The P-8A Poseidon has been routinely held up as an example of a well run and technically successful program. Let’s take a closer look at the technical aspects of the program. To an extent, this is a familiarization article intended to assist in future ASW and surveillance discussions. A better understanding of the P-8’s role and effectiveness will enhance the quality of our discussions.
The P-8 is the replacement for the venerable P-3C Orion. It is tasked with ASW, surveillance, and surface warfare mainly from a support perspective.
One of the major technical tools that will be employed is the Multi-Static Active Coherent (MAC) sonobuoy system. Very briefly and simply, the MAC is an acoustic search system, like the traditional sonobuoys, that uses a single noise source buoy and multiple receiver buoys. In contrast, the traditional active sonobuoys use a single buoy that is both the noise source and the receiver. By using multiple receivers, the MAC system can, theoretically cover more volume and provide greater sensitivity since the sound echoes can be correlated over multiple receivers. Of course, this requires a great deal of sophisticated analysis software and a high degree of operator skill to interpret the results. If successful, the MAC will confer the ability for the P-3/8 to conduct wide area ASW searches.
So, how are the MAC system and P-8 doing? Here’s what the 2013 DOT&E annual report has to say. Regarding the MAC system, itself,
“Preliminary operational test results indicate that the MAC system provides P-3C aircraft with some limited wide-area ASW search capability in select scenarios but it falls short of what the fleet identified as the capability they need to protect high value units. Initial testing revealed unexpected performance shortfalls that are still being investigated.”
“The data also suggest operators are only able to recognize a small
fraction of the valid system detections as targets.”
For the P-8,
“Based on IOT&E results, the P-8A Increment 1 system provides maritime patrol mission capabilities similar to the legacy P-3C system in selected mission areas, but it is not effective for executing the full range of mission tasks required by the P-8A Increment 1 concept of operations.”
“The P-8A Increment 1 system provides effective small- area, cued Anti-Submarine Warfare (ASW) search, localization, and attack mission capabilities similar to the legacy P-3C system. Fundamental limitations in current sensor technology restrict search capabilities against more stressing adversary targets, making the P-8A not effective in some mission scenarios. The P-8A does not have an equivalent broad-area ASW acoustic search capability similar to that provided by the P-3C Improved Extended Echo Ranging system.” Ed. Note: Improved Extended Echo Ranging is the previous version of MAC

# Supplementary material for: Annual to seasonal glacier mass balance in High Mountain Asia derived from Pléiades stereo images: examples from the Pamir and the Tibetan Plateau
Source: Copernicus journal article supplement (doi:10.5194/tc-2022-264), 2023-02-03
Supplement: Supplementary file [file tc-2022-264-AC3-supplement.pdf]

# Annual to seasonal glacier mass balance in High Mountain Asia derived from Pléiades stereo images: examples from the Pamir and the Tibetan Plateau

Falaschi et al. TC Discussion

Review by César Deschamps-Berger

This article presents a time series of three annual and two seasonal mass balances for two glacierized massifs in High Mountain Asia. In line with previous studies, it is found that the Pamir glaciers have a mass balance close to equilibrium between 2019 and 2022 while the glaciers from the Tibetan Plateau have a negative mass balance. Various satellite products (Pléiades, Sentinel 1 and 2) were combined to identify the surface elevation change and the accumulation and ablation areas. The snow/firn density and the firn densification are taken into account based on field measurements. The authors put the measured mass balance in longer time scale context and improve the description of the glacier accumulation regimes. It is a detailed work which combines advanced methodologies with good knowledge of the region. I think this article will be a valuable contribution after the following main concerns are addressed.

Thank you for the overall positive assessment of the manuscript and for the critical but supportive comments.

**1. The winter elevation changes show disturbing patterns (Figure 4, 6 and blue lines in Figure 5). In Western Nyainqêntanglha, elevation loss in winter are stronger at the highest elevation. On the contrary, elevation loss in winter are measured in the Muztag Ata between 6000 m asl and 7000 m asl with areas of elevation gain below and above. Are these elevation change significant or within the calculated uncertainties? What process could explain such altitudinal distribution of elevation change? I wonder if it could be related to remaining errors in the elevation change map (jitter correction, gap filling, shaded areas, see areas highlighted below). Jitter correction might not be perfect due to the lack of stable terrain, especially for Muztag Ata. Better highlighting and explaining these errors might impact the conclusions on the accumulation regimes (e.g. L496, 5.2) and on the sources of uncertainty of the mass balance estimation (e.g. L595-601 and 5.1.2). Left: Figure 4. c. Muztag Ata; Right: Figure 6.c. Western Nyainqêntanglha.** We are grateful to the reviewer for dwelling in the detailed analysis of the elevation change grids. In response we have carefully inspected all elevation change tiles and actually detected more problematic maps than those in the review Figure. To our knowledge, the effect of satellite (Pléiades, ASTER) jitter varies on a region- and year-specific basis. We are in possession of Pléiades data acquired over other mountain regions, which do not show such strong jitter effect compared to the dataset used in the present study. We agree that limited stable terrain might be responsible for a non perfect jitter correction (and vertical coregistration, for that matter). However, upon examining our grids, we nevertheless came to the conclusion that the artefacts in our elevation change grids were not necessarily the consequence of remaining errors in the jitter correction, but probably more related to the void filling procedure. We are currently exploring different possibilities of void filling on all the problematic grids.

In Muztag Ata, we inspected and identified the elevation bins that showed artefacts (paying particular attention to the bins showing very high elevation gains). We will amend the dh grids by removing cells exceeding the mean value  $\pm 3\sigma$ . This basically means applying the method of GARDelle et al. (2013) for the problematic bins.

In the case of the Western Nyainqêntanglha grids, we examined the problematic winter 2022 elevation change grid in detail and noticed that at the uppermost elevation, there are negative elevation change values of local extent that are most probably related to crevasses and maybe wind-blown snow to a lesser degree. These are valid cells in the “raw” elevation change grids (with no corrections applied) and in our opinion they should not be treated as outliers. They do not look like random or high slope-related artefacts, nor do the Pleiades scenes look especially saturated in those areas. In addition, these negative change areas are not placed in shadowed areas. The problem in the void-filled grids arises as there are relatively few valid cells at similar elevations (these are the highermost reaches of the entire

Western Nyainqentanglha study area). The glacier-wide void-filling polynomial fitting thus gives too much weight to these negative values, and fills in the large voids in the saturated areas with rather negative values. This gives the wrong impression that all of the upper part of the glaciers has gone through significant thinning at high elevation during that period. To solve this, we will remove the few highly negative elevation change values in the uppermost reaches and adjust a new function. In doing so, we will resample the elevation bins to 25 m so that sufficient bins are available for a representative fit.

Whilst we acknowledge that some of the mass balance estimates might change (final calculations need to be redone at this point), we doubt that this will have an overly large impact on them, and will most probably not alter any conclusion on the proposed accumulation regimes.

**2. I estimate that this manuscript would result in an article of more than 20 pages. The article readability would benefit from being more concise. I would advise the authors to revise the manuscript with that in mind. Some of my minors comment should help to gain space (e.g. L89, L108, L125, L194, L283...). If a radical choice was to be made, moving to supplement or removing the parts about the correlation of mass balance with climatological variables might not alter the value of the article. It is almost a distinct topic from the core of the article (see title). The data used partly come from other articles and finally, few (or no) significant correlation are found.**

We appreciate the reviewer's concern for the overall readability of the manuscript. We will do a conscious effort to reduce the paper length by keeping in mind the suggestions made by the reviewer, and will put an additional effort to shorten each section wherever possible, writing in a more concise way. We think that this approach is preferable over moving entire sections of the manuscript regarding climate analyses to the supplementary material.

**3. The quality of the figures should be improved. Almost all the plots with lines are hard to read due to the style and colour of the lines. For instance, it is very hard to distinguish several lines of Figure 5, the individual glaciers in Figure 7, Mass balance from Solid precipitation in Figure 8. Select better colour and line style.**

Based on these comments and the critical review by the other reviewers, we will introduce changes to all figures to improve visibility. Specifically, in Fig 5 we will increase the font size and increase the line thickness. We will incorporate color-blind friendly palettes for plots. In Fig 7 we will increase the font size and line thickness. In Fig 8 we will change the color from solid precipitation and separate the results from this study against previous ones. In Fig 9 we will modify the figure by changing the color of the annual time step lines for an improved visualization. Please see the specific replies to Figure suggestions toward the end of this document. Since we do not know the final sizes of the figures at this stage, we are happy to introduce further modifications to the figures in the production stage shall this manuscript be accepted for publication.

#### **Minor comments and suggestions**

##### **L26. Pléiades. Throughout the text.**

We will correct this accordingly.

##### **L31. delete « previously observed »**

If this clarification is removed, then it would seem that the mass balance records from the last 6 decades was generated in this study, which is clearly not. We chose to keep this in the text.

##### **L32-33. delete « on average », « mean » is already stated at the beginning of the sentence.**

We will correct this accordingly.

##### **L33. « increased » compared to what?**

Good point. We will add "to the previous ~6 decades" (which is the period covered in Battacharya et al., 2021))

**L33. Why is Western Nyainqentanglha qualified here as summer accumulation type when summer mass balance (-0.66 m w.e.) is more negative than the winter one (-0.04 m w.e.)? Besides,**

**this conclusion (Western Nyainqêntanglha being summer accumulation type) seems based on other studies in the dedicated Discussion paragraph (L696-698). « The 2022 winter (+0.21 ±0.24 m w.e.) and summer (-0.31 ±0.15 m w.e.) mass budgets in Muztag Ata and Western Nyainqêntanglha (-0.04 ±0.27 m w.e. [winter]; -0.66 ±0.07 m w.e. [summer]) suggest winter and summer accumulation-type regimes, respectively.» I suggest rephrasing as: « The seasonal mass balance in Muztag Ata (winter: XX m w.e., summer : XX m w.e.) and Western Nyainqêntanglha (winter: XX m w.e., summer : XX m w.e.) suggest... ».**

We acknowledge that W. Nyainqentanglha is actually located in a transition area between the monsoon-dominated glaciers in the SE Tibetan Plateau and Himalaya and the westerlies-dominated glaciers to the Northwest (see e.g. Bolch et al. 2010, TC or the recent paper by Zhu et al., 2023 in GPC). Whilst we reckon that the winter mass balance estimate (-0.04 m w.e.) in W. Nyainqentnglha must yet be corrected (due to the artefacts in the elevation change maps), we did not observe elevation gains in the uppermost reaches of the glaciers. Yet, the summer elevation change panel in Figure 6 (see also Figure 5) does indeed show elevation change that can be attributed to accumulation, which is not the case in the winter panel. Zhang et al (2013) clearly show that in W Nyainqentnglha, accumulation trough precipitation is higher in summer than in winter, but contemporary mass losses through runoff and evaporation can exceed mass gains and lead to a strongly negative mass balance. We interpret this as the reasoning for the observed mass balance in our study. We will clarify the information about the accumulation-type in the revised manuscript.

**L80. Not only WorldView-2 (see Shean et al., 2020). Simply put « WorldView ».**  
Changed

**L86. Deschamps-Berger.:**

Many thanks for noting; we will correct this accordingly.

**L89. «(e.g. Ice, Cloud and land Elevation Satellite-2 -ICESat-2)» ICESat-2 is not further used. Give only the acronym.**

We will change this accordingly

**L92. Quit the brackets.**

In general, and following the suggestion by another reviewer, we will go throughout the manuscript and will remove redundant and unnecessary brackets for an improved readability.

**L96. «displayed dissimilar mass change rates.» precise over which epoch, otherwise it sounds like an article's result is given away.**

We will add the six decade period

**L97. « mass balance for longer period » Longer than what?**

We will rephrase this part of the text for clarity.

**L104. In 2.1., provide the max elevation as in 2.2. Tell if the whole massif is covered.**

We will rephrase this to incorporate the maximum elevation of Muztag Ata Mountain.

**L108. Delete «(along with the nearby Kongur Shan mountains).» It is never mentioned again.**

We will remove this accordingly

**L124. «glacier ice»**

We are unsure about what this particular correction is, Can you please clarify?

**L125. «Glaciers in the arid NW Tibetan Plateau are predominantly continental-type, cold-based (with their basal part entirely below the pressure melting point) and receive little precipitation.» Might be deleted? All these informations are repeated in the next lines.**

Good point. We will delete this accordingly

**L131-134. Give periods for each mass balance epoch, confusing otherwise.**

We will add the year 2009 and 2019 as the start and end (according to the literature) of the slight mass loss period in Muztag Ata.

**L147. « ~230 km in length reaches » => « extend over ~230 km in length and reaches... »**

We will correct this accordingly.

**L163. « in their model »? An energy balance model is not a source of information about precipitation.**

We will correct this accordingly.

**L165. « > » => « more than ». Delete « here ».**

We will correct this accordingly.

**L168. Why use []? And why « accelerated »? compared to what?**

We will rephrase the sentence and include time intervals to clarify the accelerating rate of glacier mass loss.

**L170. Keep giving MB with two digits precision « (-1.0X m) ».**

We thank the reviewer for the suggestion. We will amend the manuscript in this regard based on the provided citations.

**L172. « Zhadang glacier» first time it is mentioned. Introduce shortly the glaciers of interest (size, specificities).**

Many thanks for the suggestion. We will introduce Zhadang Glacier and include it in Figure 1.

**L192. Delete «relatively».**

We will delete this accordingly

“In fact, current P-8A ASW search capabilities provide only a small fraction of what is needed for most Navy operational plans.”
“P-8A non-acoustic search capabilities are also very limited for evasive targets attempting to limit exposure to detection by radar and other sensors.”
“The P-8A is effective in conducting unarmed Anti-Surface Warfare (ASuW) missions against maritime surface targets. The radar and supporting sensor systems provide an effective, all-weather surface target search, detection, and classification capability at short to medium ranges for all maritime surface targets and at longer ranges for larger target vessels.”
“The P-8A is not effective for the Intelligence, Surveillance, and Reconnaissance (ISR) mission. Radar performance deficiencies, sensor integration problems, and data transfer system interoperability shortfalls degrade imagery intelligence collection and dissemination capabilities.”
“P-8A aircraft flight performance meets or exceeds operational requirements and fully supports execution of the ASW, ASuW, and ISR concept of operations. The system provides increased range, payload, and speed compared to the legacy P-3C aircraft.”
A mixed bag. What is the takeaway from this?
On a general note, this yet again demonstrates that the claimed capabilities of new platforms are never fully met. This should inform F-35 discussions, among other programs, where supporters jump totally on board with every claimed capability.
The P-8 is, currently, capable of short range ASW searches but lacks a broad area search capability. The MAC system may, eventually, provide a broad area search capability but not for the near to moderate future. Its general intelligence and surveillance capabilities are limited. Software is often the limiting factor and is often the critical failure point in modern systems. Again, this is seen in the F-35 program and needs to be kept firmly in mind when discussing any system.
The general conclusion is that the P-8 will offer a degree of ASW support but will not have a decisive impact on operations for the near to moderate future. Of course, the incorporation of future improvements, including, hopefully, the MAC system, may well increase the usefulness of the P-8 over its lifetime.
Not surprisingly, the preceding suggests that ASW will continue to be a collaborative effort among multiple platforms. Given the area and volume of the ocean(s), and the limited search effectiveness of any single platform, the most glaring ASW need is for greater numbers of platforms of all types. In turn, this suggests that the demise of the LCS in its current form (one of which supposedly being an ASW version) leaves a gap in the Navy’s surface force ASW capability. Some will answer that the Burkes will fill the ASW role but no sane person is going to risk a multi-billion dollar, undertrained Burke playing tag with a submarine. The Navy needs a cheap, low end, dedicated ASW vessel as well as an S-3 Viking replacement to complement the P-8 and SSN force. Let that be the takeaway for future discussions!